4. How to use A4V Timecode Support
5. Previously Released Information Not Available in the Manual
In short I am not sure if any of these files would be of any use to you?
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Old 30 December 2019, 15:14   #77
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Thanks. It's possible/probable that those tools are for later DPS products, not the PC PAR board.

I looked at the old DPS web site via the Internet Archive. That gave some PC software filenames, unfortunately the Wayback Machine didn't capture the actual archives:
ppnt205n.zip
ppnt205p.zip
parw123.zip
par163.zip
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Old 30 December 2019, 16:18   #78
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Mark I did find what appears to be interesting files I use googlesearch "par163.zip" only problem is that it's @driverguide my malwarebytes wont let me anywhere near it except for the first screen.
Was able to view file contents by clicking on the cache in the search engine.

Files within the zip apparently are.
Quote:
Driver Contents File List
The following files are found inside the driver download file.

Name Size Date
INSTALL.EXE 46.1 KB 11 Oct 1994
PAR_ALL.ZIP 815.4 KB 18 Jun 1996
PAR_ALL.ZIP/BITMAP.LST 97.5 KB 28 Jan 1996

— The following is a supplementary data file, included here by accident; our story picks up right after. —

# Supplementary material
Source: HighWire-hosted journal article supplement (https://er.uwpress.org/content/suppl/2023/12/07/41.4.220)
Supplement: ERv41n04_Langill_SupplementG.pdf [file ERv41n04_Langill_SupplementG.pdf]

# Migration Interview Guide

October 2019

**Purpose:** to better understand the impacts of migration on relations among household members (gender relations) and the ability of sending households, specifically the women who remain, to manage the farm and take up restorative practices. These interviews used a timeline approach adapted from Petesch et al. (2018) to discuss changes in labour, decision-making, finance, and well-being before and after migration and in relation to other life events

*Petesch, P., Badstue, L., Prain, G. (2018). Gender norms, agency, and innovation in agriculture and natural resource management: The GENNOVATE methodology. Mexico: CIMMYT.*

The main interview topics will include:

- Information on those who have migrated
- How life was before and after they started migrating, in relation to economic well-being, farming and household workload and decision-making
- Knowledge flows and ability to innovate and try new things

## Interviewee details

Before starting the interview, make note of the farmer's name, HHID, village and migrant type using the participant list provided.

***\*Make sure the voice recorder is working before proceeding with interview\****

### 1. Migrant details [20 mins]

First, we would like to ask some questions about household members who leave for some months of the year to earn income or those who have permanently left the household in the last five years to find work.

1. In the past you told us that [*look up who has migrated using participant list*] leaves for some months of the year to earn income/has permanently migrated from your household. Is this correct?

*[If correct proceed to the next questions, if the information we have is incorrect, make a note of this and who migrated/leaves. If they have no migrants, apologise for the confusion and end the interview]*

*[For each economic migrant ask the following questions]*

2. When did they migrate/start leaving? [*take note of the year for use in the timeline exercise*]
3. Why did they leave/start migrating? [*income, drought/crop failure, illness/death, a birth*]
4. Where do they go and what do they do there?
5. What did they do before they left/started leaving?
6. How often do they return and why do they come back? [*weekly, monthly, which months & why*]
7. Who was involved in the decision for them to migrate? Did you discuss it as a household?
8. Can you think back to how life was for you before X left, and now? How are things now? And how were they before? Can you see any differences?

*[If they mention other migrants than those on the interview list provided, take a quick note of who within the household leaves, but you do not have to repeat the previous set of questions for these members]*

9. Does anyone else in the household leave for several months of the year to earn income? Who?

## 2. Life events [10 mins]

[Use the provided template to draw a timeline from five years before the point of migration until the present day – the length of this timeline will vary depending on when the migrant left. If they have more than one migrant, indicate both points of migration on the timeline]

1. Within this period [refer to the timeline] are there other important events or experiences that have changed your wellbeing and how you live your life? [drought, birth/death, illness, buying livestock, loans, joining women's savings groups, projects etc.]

PAR_ALL.ZIP/DPSPAR_I.PXP 27.9 KB 21 Apr 1994
PAR_ALL.ZIP/HELP.LST 38.4 KB 18 Jan 1996
PAR_ALL.ZIP/LOGO.LST 33.7 KB 13 Jan 1996
PAR_ALL.ZIP/PAR.EXE 1.1 MB 18 Jun 1996
PAR_ALL.ZIP/PAR.HEX 26.6 KB 11 Jul 1995
PAR_ALL.ZIP/PAR.INI 1.0 KB 17 Jul 1995
PAR_ALL.ZIP/PARDRV.EXE 56.4 KB 1 Feb 1995
PAR_ALL.ZIP/PARDRVP.EXE 57.0 KB 1 Feb 1995
PAR_ALL.ZIP/PARINIT.EXE 63.8 KB 18 Jun 1996
PAR_ALL.ZIP/PARSET.EXE 128.6 KB 10 May 1994
PAR_ALL.ZIP/PARTEST.EXE 123.6 KB 18 Jun 1996
PAR_ALL.ZIP/PAR_INI.TXT 5.9 KB 16 Feb 1996
PAR_ALL.ZIP/PAR_PAL.HEX 27.2 KB 12 Jul 1995
PAR_ALL.ZIP/REQUEST1.LST 508.2 KB 15 Dec 1995
PAR_ALL.ZIP/REQUEST2.LST 584.5 KB 15 Feb 1996
PAR_ALL.ZIP/REQUEST3.LST 132.8 KB 15 Feb 1996
PAR_ALL.ZIP/SWITCH.INI 290 bytes 26 May 1993
PAR_ALL.ZIP/TBC.STR 1.3 KB 31 May 1994
PAR_ALL.ZIP/TBCIV.INI 3.0 KB 28 Nov 1994
PAR_ALL.ZIP/VGAFIX.FON 5.4 KB 10 Mar 1992
PAR_ALL.ZIP/VIDCAP.INI 1.6 KB 10 Jan 1995
PAR_ALL.ZIP/WINTBCIV.EXE 196.6 KB 26 May 1994
PCREADME.TXT 31.8 KB 18 Jun 1996
PKUNZIP.EXE 29.4 KB 1 Feb 1993
I'll try and download it from a duplicate virtual system.


On looking at the link you just provided, I was able to find what files did get captured.
http://web.archive.org/web/*/http://www.dps.com/files/*

Last edited by LanceT; 30 December 2019 at 16:51.
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Old 30 December 2019, 22:16   #79
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Maybe driverguide recently removed the par163.zip file from their site? I did manage to download some other (unrelated) files from there.
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Old 31 December 2019, 17:17   #80
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I mentioned before about "Digital Domain A4000 Titanic PAR Drive.hdf" being a bad/incomplete dump. I wonder if when Starglider 2 created the image file, he wrote it to a USB stick or memory card, then removed the USB drive without doing the Windows safe-removal procedure? That could explain why the non-zero data ends on an exact 16MB boundary in the image file. In which case, the source drive could actually be OK, just needs re-reading.